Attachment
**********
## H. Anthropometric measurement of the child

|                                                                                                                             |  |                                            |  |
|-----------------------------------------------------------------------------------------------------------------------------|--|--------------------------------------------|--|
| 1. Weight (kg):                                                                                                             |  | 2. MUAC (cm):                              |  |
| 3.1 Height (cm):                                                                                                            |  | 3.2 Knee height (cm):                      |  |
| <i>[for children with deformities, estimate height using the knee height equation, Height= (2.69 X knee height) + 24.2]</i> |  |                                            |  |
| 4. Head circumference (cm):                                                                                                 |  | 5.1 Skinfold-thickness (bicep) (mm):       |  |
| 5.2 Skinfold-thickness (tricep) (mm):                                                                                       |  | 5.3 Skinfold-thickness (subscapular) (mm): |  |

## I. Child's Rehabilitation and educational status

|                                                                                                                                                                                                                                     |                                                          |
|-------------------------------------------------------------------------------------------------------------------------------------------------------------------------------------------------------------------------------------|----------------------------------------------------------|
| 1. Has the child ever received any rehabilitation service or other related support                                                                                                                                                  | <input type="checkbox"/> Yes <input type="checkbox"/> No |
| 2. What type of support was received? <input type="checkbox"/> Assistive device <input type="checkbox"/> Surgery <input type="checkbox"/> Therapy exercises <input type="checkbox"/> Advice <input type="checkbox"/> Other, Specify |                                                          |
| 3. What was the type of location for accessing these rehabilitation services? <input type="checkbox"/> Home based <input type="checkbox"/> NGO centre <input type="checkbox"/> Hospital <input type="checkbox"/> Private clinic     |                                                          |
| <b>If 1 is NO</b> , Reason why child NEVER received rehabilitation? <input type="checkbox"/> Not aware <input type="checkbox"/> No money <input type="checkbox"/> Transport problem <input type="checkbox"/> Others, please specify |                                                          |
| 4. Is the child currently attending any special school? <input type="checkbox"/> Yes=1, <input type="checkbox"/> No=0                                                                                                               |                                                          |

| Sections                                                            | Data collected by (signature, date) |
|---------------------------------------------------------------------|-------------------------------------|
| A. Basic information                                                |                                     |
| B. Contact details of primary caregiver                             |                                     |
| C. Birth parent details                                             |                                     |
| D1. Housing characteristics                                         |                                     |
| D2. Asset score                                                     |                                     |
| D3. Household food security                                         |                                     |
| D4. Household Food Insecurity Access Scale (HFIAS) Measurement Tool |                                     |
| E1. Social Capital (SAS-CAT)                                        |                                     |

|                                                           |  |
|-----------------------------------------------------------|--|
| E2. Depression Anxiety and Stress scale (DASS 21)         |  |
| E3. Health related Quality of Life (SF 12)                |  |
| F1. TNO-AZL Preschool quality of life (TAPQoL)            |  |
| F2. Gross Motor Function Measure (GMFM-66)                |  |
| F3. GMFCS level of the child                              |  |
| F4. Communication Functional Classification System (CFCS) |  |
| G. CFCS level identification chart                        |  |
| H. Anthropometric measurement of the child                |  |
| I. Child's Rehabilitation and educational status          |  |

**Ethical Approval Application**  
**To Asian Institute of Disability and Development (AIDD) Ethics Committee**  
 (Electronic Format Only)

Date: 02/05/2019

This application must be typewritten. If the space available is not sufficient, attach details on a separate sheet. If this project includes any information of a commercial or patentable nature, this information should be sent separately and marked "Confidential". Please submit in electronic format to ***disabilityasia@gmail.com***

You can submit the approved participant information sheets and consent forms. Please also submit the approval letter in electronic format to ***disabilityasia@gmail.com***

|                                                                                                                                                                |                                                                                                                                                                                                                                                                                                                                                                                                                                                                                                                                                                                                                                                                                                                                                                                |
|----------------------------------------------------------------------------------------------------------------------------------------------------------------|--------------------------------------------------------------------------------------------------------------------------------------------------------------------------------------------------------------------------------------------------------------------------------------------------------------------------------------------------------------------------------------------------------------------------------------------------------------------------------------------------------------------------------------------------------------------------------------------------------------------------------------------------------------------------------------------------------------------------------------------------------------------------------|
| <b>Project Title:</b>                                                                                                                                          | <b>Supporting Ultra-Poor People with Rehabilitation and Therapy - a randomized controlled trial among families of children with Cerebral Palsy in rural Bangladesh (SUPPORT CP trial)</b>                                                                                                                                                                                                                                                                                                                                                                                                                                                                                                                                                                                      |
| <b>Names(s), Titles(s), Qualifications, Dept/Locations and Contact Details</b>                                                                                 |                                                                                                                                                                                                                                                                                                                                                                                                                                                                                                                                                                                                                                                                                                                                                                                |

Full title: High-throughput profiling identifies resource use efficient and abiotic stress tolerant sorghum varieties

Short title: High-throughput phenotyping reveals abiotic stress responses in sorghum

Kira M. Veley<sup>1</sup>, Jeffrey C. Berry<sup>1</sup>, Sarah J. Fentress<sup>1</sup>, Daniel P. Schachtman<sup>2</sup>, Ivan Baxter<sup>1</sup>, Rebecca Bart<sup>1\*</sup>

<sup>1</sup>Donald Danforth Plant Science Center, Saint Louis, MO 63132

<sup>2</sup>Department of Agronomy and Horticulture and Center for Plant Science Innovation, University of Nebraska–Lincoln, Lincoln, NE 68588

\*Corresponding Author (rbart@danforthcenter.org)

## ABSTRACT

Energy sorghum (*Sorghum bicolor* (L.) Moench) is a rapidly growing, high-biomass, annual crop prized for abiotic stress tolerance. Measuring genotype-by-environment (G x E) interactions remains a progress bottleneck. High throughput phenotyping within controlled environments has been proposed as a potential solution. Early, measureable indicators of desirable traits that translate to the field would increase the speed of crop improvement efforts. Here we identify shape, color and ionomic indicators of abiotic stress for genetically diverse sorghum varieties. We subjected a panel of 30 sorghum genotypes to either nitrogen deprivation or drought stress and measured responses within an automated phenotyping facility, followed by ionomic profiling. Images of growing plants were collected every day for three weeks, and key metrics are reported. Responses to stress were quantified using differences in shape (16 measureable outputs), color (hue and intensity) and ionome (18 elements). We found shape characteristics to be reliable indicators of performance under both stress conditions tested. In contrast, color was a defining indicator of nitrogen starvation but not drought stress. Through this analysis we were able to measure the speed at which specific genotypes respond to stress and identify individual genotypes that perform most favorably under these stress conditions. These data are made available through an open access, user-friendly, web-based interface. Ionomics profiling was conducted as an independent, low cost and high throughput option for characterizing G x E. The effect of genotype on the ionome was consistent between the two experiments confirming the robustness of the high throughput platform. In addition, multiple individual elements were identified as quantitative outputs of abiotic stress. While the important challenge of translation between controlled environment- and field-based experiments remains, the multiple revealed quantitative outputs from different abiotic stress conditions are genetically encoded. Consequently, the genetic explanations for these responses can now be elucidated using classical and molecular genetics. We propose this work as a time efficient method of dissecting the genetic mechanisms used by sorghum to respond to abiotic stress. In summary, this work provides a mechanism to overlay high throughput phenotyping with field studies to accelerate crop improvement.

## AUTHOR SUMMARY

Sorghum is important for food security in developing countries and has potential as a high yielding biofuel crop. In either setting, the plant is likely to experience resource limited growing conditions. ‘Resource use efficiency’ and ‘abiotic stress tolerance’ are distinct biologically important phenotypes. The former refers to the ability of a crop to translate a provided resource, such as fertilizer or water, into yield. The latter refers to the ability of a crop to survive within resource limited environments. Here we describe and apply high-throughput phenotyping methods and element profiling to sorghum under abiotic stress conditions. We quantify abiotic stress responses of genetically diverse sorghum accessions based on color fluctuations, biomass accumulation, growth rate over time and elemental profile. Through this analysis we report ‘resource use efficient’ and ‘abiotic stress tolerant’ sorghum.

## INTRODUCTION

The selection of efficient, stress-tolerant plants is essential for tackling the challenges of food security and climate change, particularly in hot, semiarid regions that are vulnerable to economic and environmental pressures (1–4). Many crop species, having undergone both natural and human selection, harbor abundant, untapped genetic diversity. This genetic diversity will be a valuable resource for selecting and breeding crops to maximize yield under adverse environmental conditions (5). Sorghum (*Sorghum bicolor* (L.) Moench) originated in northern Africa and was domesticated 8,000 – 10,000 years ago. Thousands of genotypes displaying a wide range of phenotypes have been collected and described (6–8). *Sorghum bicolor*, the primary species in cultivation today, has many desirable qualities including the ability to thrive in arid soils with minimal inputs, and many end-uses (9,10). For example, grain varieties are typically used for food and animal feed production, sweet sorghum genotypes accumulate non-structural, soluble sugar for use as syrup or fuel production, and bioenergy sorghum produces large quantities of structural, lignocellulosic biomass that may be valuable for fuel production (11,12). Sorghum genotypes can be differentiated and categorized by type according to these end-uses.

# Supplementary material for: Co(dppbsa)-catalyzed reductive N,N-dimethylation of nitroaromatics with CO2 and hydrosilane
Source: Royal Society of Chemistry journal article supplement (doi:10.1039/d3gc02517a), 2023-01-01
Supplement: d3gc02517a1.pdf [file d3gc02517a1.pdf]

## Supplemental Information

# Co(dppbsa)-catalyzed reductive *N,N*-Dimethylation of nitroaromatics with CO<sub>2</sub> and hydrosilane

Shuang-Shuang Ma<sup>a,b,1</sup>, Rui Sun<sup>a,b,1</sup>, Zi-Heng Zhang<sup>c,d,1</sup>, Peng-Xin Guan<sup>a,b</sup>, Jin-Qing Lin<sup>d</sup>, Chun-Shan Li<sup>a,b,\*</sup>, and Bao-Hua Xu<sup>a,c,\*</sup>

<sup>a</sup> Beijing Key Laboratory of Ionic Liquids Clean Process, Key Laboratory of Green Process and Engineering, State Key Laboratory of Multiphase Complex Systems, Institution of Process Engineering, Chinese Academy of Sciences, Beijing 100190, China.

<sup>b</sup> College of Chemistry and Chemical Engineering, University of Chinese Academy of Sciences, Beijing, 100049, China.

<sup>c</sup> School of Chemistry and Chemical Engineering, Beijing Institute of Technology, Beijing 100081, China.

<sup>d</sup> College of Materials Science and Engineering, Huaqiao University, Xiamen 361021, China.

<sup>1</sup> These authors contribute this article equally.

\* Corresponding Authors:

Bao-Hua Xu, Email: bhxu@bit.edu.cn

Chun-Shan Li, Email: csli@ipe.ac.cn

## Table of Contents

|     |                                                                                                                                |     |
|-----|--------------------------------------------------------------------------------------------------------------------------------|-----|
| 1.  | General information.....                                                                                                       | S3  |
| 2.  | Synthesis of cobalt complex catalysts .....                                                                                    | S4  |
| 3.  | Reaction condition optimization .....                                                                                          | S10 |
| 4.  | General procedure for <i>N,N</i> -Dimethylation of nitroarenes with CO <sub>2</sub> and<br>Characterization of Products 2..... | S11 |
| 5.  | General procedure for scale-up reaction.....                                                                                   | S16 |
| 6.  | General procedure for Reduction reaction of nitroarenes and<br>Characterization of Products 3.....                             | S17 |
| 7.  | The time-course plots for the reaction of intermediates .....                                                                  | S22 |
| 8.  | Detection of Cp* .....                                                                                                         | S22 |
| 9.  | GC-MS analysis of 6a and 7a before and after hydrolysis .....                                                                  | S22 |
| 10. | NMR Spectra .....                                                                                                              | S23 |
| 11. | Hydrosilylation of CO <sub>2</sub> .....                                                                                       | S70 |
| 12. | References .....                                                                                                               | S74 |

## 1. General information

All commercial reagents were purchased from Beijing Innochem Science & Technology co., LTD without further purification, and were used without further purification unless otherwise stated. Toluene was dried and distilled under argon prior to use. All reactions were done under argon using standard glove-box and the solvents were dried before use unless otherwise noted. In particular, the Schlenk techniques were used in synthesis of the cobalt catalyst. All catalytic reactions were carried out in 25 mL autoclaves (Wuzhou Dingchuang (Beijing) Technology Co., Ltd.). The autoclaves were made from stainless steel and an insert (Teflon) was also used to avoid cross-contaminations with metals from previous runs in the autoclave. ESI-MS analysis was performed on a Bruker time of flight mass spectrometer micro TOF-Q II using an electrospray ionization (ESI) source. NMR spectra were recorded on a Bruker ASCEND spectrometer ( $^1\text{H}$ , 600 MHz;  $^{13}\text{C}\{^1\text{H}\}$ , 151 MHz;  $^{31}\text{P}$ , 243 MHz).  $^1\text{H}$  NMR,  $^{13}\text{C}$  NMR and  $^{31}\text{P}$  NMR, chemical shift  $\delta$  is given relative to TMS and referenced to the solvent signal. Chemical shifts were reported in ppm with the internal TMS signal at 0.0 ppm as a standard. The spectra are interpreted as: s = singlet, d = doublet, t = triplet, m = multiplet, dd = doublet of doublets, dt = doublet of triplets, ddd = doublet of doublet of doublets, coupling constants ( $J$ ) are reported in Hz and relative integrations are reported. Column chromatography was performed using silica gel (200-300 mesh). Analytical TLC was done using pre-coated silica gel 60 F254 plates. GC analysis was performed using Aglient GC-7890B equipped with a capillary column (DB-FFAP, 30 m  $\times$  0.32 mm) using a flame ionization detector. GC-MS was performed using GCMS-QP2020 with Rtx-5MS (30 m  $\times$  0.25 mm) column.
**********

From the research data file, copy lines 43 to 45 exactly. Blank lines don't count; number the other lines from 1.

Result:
You can submit the approved participant information sheets and consent forms. Please also submit the approval letter in electronic format to ***disabilityasia@gmail.com***

|                                                                                                                                                                |                                                                                                                                                                                                                                                                                                                                                                                                                                                                                                                                                                                                                                                                                                                                                                                |
|----------------------------------------------------------------------------------------------------------------------------------------------------------------|--------------------------------------------------------------------------------------------------------------------------------------------------------------------------------------------------------------------------------------------------------------------------------------------------------------------------------------------------------------------------------------------------------------------------------------------------------------------------------------------------------------------------------------------------------------------------------------------------------------------------------------------------------------------------------------------------------------------------------------------------------------------------------|